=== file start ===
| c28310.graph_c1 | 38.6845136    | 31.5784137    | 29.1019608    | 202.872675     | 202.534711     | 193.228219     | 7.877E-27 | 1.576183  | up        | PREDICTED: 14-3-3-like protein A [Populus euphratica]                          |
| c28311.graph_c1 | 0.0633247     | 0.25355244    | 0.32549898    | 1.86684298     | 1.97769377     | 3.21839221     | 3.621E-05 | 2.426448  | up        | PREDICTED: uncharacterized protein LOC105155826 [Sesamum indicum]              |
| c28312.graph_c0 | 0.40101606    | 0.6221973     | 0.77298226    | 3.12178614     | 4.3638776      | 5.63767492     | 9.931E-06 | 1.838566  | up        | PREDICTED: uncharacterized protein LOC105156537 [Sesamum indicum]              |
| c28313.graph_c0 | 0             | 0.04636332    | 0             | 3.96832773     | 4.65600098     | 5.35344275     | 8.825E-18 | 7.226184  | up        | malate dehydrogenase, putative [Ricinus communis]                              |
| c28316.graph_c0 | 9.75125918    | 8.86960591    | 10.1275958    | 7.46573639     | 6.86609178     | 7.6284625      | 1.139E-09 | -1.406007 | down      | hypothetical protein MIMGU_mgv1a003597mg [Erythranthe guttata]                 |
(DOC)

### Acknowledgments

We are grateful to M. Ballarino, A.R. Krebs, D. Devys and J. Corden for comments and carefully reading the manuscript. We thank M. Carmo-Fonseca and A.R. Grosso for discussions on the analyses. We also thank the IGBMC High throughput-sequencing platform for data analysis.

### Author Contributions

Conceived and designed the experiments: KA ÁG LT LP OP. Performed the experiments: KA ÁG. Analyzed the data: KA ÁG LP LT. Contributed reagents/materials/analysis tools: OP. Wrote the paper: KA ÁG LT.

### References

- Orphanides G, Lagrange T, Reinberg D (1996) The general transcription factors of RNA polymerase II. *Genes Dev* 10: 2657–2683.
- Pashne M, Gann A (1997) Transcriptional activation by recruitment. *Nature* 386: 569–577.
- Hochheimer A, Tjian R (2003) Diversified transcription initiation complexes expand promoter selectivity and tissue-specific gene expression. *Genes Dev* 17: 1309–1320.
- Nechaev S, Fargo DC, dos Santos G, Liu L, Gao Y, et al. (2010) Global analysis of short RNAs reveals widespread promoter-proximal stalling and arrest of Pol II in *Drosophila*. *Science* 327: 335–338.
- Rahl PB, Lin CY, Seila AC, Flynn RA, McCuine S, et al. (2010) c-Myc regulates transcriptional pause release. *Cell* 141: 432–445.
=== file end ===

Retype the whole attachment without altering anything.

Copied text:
| c28310.graph_c1 | 38.6845136    | 31.5784137    | 29.1019608    | 202.872675     | 202.534711     | 193.228219     | 7.877E-27 | 1.576183  | up        | PREDICTED: 14-3-3-like protein A [Populus euphratica]                          |
| c28311.graph_c1 | 0.0633247     | 0.25355244    | 0.32549898    | 1.86684298     | 1.97769377     | 3.21839221     | 3.621E-05 | 2.426448  | up        | PREDICTED: uncharacterized protein LOC105155826 [Sesamum indicum]              |
| c28312.graph_c0 | 0.40101606    | 0.6221973     | 0.77298226    | 3.12178614     | 4.3638776      | 5.63767492     | 9.931E-06 | 1.838566  | up        | PREDICTED: uncharacterized protein LOC105156537 [Sesamum indicum]              |
| c28313.graph_c0 | 0             | 0.04636332    | 0             | 3.96832773     | 4.65600098     | 5.35344275     | 8.825E-18 | 7.226184  | up        | malate dehydrogenase, putative [Ricinus communis]                              |
| c28316.graph_c0 | 9.75125918    | 8.86960591    | 10.1275958    | 7.46573639     | 6.86609178     | 7.6284625      | 1.139E-09 | -1.406007 | down      | hypothetical protein MIMGU_mgv1a003597mg [Erythranthe guttata]                 |
(DOC)

### Acknowledgments

We are grateful to M. Ballarino, A.R. Krebs, D. Devys and J. Corden for comments and carefully reading the manuscript. We thank M. Carmo-Fonseca and A.R. Grosso for discussions on the analyses. We also thank the IGBMC High throughput-sequencing platform for data analysis.

### Author Contributions

Conceived and designed the experiments: KA ÁG LT LP OP. Performed the experiments: KA ÁG. Analyzed the data: KA ÁG LP LT. Contributed reagents/materials/analysis tools: OP. Wrote the paper: KA ÁG LT.

### References

- Orphanides G, Lagrange T, Reinberg D (1996) The general transcription factors of RNA polymerase II. *Genes Dev* 10: 2657–2683.
- Pashne M, Gann A (1997) Transcriptional activation by recruitment. *Nature* 386: 569–577.
- Hochheimer A, Tjian R (2003) Diversified transcription initiation complexes expand promoter selectivity and tissue-specific gene expression. *Genes Dev* 17: 1309–1320.
- Nechaev S, Fargo DC, dos Santos G, Liu L, Gao Y, et al. (2010) Global analysis of short RNAs reveals widespread promoter-proximal stalling and arrest of Pol II in *Drosophila*. *Science* 327: 335–338.
- Rahl PB, Lin CY, Seila AC, Flynn RA, McCuine S, et al. (2010) c-Myc regulates transcriptional pause release. *Cell* 141: 432–445.